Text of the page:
McClatchy CEO Gary Pruitt Speaks About the Knight Ridder Acquisition

McClatchy CEO Gary Pruitt says the company currently has "no deals in place," to sell the Knight Ridder papers that it wants to unload, "but we are going to try and move quickly."

Gary Pruitt, CEO of McClatchy Co. — and journalism’s golden boy of the moment — moved quickly to speak to two of his publics in the hours after the 6 a.m. announcement of the $6.5 billion sale of Knight Ridder to McClatchy.

First, Pruitt conducted a conference call with key Wall Street analysts — one of his publics — followed with a conference Q&A with media reporters from far and wide — his other public.

Pruitt was quick to affirm that the company is shopping 12 of the 32 Knight Ridder papers immediately to prospective buyers — disheartening news to editors and reporters in newsrooms in Philadelphia, St. Paul, Akron, San Jose and a host of smaller papers, who had hoped they might end up in McClatchy’s embrace. But he also reassured employees of the 20 papers that McClatchy wants to keep that he doesn’t see any layoffs in the merged company’s future, (although the expanded company will share some content among its papers) and that the Washington bureaus of both chains will merge into one unit, with no layoffs planned.

Pruitt hopes to sell “at least some of [the 12 newspapers on the block] on the same day we acquire Knight Ridder,” and he expects the deal to be finalized some time this summer. “In effect, [we hope that] McClatchy would not operate those papers for even one day,” he asserted. The proceeds from the sale of the 12 papers to one or multiple buyers will go to pay down some of the debt McClatchy has assumed to buy KR.

Pruitt was careful to point out that the company currently has “no deals in place,” to sell the Knight Ridder papers that he wants to unload, “but we are going to try and move quickly.” There have been inquiries about the papers already, he said. And because Knight Ridder has been “on the block” for some time, prospective purchasers have had the advantage of kicking the tires for weeks. Pruitt also said that while McClatchy still doesn’t know “the exact structure of what a sale will look like…we want to look toward buyers who will treat employees well, but we haven’t talked to anybody or have any deals structured as of yet.”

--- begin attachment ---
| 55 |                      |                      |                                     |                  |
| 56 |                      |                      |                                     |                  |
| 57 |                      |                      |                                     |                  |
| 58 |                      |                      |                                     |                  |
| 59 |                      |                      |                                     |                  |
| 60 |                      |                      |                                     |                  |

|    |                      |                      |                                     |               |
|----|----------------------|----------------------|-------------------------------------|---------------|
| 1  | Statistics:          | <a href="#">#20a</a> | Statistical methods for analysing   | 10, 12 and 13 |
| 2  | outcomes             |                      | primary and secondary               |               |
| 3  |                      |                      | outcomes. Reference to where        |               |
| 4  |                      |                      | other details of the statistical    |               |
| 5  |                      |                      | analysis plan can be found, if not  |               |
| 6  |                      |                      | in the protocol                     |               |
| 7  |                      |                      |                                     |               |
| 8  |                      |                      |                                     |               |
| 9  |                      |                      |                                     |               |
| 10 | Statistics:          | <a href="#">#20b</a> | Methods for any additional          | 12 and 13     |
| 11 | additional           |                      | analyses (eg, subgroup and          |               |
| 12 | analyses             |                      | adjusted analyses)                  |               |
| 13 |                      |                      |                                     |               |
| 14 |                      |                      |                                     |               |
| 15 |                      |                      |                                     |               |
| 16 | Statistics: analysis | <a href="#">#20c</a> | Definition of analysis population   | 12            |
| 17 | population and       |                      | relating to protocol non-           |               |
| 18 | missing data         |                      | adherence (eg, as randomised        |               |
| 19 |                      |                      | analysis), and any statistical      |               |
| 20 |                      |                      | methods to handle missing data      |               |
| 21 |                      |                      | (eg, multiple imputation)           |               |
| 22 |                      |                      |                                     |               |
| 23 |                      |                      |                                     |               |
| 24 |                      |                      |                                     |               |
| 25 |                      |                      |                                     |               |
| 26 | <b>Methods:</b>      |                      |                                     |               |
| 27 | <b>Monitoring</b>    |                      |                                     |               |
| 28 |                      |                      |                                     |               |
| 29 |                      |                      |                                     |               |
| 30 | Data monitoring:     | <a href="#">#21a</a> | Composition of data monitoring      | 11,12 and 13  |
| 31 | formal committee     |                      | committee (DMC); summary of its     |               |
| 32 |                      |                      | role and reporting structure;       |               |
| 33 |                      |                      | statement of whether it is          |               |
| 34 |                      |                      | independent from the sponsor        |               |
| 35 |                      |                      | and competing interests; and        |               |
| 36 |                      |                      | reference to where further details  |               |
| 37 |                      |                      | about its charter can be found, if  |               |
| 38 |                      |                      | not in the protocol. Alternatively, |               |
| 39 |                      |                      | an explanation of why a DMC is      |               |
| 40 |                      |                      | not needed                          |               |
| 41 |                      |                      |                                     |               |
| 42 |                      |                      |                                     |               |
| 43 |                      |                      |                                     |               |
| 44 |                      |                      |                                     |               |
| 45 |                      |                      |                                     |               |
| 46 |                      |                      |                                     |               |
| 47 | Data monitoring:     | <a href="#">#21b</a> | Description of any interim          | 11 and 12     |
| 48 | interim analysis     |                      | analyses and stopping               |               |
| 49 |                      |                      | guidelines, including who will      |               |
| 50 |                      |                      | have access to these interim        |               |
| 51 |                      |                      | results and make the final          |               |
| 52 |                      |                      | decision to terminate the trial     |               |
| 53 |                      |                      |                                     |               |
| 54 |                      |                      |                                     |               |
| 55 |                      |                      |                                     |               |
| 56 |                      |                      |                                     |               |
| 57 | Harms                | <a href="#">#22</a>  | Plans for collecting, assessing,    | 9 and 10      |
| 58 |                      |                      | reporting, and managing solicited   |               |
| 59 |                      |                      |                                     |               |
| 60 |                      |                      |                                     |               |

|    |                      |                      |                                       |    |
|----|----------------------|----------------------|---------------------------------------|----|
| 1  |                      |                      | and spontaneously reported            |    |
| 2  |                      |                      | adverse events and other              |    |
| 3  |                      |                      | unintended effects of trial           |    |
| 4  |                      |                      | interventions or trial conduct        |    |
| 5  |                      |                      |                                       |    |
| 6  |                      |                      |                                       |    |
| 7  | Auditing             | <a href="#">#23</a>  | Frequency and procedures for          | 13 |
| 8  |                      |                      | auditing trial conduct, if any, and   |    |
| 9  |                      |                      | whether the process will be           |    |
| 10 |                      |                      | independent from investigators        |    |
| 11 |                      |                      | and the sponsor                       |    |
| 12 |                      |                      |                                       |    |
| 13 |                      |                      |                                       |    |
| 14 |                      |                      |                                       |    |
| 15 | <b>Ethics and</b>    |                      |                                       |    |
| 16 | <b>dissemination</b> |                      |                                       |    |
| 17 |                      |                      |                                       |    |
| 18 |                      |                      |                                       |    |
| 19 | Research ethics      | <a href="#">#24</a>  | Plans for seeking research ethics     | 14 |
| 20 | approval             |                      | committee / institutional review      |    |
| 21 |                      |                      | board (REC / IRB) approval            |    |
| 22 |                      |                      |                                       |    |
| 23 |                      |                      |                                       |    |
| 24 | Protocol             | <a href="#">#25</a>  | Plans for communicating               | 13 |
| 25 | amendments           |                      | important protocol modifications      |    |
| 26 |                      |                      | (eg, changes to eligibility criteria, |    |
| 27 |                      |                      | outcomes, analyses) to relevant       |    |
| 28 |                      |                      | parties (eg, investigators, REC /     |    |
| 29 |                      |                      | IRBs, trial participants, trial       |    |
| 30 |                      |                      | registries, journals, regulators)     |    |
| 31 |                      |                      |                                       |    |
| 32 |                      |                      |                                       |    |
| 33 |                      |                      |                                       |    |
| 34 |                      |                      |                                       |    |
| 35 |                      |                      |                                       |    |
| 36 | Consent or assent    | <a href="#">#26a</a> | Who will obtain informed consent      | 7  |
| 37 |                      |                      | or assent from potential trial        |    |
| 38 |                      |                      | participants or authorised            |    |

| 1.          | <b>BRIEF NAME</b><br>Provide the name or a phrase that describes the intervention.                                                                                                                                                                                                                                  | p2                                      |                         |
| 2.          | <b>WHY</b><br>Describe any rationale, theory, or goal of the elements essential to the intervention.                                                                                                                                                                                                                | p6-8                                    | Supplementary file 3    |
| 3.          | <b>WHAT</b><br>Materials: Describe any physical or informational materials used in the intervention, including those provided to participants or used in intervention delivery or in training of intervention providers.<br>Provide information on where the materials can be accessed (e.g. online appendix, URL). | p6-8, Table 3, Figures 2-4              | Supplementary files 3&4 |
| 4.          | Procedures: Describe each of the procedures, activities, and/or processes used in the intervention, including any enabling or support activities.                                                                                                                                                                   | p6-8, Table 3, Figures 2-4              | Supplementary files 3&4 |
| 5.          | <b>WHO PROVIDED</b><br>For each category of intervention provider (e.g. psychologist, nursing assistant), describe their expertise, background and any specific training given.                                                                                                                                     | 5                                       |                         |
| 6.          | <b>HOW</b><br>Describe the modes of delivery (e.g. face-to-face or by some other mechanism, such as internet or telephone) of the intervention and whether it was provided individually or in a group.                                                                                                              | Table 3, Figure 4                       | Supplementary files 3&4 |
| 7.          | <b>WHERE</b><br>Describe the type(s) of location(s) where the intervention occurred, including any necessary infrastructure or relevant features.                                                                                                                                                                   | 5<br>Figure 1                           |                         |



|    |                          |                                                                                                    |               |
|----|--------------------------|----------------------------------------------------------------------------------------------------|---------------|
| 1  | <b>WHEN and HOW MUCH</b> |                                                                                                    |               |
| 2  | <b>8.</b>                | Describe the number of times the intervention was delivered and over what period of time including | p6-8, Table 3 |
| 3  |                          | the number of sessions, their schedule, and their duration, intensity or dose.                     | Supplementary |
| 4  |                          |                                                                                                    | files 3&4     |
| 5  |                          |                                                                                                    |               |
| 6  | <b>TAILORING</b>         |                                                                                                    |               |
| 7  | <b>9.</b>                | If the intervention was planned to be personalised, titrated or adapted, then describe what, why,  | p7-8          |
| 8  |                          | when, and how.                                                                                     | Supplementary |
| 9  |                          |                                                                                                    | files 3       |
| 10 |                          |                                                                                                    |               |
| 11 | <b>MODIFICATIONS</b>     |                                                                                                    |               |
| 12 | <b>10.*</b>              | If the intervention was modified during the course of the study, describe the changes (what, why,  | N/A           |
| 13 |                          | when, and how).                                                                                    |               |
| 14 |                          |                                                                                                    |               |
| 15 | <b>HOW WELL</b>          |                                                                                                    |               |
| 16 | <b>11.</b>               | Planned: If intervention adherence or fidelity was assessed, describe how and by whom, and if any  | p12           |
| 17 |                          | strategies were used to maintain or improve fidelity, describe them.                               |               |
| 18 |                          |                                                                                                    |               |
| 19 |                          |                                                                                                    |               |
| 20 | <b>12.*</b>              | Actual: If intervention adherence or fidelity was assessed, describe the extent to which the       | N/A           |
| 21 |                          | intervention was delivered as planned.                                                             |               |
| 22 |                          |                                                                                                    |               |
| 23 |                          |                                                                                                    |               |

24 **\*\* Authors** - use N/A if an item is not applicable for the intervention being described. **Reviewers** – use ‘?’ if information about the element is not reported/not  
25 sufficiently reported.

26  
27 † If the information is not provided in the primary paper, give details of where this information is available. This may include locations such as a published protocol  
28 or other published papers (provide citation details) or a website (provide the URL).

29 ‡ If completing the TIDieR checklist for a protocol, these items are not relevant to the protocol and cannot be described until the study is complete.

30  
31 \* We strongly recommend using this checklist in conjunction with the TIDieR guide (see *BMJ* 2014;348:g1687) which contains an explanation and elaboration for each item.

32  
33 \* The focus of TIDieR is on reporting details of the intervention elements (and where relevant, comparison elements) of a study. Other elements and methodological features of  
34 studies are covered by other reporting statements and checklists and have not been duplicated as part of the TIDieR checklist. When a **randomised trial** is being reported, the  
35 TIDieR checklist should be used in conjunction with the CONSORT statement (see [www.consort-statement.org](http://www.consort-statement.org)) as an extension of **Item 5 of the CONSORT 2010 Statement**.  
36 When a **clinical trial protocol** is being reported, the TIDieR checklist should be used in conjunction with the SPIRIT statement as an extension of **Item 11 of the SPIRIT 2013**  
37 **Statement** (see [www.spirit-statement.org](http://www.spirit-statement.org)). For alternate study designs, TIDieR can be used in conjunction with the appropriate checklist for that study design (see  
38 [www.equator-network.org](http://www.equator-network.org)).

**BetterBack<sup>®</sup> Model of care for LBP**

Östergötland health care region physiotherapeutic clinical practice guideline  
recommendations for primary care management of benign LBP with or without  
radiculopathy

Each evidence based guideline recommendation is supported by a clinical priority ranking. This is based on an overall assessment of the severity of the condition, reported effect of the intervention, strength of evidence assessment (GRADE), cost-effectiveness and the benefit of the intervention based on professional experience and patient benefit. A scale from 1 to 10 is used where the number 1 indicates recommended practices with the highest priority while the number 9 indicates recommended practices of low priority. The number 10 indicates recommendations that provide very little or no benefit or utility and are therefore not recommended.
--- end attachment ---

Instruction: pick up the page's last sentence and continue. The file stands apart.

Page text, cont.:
On the other side of the coin are the 20 Knight Ridder papers the company is holding on to, including ones in Miami, Charlotte, NC, Kansas City and Fort Worth. “The markets we’re retaining have a leg up…in that they’re growing at a quicker rate, and with that comes more readers, more classifieds,” and more advertising, Pruitt said. “They’re some of the best performing Knight Ridder markets.”

Pruitt said the 20 Knight Ridder dailies that he is keeping are the ones that look “most like our existing papers,” and are “chiefly centered on growth markets.” By way of explanation, he said that over the next five years, the household growth rate in the markets where the company operates is 11.4 percent, which is “more than 50 percent faster than the national average,” of 7.5 percent. In contrast, the combined growth rate in the markets where McClatchy is dumping its newly-acquired KR assets is less than 5 percent.

The sale will make the combined company the No. 2 U.S. newspaper chain, reaching a daily circulation of about 3.2 million people.

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Paul McLeary is senior editor of Defense Technology International magazine, and is a former CJR staffer.